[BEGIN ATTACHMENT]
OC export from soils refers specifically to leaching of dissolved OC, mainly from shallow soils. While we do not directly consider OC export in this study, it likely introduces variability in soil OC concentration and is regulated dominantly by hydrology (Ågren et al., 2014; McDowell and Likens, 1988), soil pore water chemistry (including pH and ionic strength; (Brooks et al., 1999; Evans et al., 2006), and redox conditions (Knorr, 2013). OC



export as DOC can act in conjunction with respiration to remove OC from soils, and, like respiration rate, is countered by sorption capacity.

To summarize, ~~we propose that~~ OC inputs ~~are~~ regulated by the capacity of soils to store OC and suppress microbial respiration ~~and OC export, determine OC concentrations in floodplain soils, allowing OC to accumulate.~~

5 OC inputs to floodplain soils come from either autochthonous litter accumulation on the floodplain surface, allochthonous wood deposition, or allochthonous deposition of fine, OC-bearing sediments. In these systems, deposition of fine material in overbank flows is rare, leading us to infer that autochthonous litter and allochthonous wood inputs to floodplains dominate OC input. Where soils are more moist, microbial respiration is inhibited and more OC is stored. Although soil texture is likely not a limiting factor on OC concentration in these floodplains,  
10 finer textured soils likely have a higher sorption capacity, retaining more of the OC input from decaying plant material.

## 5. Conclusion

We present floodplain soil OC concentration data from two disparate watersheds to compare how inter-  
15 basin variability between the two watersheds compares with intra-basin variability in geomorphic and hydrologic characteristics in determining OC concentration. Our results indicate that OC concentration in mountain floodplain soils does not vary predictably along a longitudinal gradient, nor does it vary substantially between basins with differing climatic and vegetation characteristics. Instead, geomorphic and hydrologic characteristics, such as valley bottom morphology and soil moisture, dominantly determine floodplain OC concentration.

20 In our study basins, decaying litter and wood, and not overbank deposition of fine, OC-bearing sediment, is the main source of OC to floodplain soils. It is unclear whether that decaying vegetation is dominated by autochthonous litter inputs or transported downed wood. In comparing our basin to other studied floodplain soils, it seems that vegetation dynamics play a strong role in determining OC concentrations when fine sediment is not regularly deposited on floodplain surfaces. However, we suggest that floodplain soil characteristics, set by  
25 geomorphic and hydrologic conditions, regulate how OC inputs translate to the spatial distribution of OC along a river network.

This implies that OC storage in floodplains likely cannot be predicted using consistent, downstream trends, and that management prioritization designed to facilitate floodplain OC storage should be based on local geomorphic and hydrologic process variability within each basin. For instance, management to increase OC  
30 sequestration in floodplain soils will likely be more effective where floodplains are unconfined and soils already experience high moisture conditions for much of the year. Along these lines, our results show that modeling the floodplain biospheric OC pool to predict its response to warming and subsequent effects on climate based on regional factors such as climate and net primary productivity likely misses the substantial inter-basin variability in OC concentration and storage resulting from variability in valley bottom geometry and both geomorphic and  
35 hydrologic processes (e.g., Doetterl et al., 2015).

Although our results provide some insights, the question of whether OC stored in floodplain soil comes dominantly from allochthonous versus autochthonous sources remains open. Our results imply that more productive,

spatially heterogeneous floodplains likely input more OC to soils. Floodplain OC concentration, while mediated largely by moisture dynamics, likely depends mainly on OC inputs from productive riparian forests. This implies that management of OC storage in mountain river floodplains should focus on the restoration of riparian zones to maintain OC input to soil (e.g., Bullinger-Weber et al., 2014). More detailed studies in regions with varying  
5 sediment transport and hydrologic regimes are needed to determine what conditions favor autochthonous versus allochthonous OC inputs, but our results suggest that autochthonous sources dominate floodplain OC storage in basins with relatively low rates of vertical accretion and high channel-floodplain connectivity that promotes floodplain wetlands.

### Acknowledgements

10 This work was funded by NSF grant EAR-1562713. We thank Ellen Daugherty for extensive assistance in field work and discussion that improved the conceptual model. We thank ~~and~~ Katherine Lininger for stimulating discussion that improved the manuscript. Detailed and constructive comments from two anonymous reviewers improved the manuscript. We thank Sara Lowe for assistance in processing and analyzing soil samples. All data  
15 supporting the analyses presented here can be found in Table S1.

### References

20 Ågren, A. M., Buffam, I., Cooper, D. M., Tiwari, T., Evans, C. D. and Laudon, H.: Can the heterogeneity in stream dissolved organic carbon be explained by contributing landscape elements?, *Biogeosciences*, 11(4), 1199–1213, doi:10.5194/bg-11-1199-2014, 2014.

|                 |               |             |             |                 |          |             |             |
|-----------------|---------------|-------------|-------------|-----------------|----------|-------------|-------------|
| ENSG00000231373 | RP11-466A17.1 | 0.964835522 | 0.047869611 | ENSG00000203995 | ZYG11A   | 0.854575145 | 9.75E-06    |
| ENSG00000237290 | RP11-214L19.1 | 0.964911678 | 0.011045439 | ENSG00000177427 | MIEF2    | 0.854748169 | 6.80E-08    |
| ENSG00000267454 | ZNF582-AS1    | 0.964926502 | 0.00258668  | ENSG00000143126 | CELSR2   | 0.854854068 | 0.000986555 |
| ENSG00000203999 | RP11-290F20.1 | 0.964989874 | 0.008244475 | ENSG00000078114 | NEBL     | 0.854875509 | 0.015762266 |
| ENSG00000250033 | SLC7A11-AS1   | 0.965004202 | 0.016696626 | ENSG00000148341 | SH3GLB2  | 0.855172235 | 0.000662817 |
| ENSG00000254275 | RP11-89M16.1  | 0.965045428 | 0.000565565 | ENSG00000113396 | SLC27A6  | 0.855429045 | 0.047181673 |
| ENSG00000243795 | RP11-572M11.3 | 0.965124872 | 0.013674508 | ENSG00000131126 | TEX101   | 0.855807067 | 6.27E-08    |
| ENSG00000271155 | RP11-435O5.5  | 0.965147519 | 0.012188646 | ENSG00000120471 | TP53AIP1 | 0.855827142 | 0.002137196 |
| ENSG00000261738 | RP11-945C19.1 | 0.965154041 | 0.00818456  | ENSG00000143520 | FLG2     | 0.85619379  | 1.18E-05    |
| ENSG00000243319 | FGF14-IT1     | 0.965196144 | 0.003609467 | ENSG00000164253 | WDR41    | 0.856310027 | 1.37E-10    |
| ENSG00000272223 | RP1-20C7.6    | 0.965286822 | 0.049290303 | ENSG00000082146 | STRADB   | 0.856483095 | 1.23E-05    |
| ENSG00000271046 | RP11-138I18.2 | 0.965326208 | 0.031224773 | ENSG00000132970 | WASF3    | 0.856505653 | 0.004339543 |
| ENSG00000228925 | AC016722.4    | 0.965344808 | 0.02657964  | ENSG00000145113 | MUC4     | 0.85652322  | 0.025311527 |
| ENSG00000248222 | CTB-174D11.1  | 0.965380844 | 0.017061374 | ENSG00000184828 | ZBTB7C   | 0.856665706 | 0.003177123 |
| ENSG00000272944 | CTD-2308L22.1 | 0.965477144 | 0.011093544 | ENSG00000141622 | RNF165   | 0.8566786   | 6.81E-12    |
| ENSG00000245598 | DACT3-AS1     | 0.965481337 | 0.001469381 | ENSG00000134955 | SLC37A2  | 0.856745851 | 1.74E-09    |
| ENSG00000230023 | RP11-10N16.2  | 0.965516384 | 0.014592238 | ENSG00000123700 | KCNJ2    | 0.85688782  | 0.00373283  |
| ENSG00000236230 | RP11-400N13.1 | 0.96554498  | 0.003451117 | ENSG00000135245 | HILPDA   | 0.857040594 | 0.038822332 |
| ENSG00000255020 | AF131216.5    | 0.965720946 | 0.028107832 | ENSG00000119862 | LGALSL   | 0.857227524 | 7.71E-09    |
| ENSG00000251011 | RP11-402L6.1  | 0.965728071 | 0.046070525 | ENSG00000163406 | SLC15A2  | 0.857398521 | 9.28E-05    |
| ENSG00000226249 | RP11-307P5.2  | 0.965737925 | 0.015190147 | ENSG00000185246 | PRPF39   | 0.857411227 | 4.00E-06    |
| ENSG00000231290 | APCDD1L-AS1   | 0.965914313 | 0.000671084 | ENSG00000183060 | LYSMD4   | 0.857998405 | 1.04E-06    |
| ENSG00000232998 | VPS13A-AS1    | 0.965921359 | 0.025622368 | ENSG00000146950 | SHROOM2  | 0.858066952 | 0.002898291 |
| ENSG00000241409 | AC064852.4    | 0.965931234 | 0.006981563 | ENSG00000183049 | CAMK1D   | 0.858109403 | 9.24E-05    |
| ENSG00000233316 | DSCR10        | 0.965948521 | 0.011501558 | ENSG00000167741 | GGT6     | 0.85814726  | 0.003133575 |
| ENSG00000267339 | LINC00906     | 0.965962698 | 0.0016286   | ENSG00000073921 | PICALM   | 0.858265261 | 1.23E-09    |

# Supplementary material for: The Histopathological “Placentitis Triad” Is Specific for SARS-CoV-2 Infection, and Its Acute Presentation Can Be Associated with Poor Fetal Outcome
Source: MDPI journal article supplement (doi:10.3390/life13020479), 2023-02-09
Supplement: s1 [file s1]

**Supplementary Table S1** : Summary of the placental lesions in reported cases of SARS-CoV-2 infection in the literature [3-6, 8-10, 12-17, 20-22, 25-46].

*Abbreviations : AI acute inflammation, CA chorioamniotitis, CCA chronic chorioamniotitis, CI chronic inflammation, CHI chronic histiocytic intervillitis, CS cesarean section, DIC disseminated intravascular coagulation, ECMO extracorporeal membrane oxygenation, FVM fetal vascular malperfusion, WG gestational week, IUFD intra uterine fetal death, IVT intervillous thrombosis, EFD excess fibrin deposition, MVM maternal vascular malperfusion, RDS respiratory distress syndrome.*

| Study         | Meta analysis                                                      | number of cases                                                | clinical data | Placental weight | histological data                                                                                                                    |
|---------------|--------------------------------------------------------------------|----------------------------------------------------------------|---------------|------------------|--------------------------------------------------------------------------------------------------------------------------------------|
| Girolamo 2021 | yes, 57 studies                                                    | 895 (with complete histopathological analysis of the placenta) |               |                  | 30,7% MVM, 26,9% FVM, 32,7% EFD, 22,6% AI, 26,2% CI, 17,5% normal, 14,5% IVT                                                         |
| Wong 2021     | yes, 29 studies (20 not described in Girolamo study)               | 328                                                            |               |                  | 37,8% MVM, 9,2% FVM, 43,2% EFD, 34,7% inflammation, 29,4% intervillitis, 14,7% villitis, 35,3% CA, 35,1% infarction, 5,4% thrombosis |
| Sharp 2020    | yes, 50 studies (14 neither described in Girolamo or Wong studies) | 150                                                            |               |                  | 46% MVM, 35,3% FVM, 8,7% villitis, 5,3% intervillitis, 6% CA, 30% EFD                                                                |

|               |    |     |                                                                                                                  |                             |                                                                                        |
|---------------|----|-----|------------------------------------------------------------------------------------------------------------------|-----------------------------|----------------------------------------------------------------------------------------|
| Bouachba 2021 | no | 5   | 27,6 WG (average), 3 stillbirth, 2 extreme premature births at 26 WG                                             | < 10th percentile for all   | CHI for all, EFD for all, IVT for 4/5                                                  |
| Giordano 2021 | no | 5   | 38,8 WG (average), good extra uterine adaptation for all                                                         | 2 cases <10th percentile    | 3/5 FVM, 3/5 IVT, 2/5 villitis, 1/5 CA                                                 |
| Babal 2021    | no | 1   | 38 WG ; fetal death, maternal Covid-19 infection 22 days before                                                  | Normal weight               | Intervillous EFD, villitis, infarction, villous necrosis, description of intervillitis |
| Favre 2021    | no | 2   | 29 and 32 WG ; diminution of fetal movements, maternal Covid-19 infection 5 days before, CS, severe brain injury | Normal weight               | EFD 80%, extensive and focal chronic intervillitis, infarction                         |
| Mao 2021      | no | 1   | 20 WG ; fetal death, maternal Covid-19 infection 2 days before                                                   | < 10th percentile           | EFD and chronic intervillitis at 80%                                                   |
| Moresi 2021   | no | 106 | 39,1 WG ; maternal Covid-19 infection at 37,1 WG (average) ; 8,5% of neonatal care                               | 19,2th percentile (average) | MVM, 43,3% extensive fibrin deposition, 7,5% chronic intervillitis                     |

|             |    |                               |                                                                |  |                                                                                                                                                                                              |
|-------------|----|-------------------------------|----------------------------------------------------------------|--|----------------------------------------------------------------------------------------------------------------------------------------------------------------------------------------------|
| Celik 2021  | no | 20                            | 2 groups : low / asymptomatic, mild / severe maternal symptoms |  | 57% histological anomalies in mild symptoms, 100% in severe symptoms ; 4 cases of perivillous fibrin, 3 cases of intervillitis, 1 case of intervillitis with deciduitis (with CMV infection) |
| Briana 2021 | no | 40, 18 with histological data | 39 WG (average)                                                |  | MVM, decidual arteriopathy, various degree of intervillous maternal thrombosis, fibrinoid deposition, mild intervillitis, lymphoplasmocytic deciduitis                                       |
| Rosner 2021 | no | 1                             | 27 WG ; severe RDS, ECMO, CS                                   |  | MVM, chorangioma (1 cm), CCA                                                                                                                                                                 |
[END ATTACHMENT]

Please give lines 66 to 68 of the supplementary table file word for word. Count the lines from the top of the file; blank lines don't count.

| Mao 2021      | no | 1   | 20 WG ; fetal death, maternal Covid-19 infection 2 days before                                                   | < 10th percentile           | EFD and chronic intervillitis at 80%                                                   |
| Moresi 2021   | no | 106 | 39,1 WG ; maternal Covid-19 infection at 37,1 WG (average) ; 8,5% of neonatal care                               | 19,2th percentile (average) | MVM, 43,3% extensive fibrin deposition, 7,5% chronic intervillitis                     |

|             |    |                               |                                                                |  |                                                                                                                                                                                              |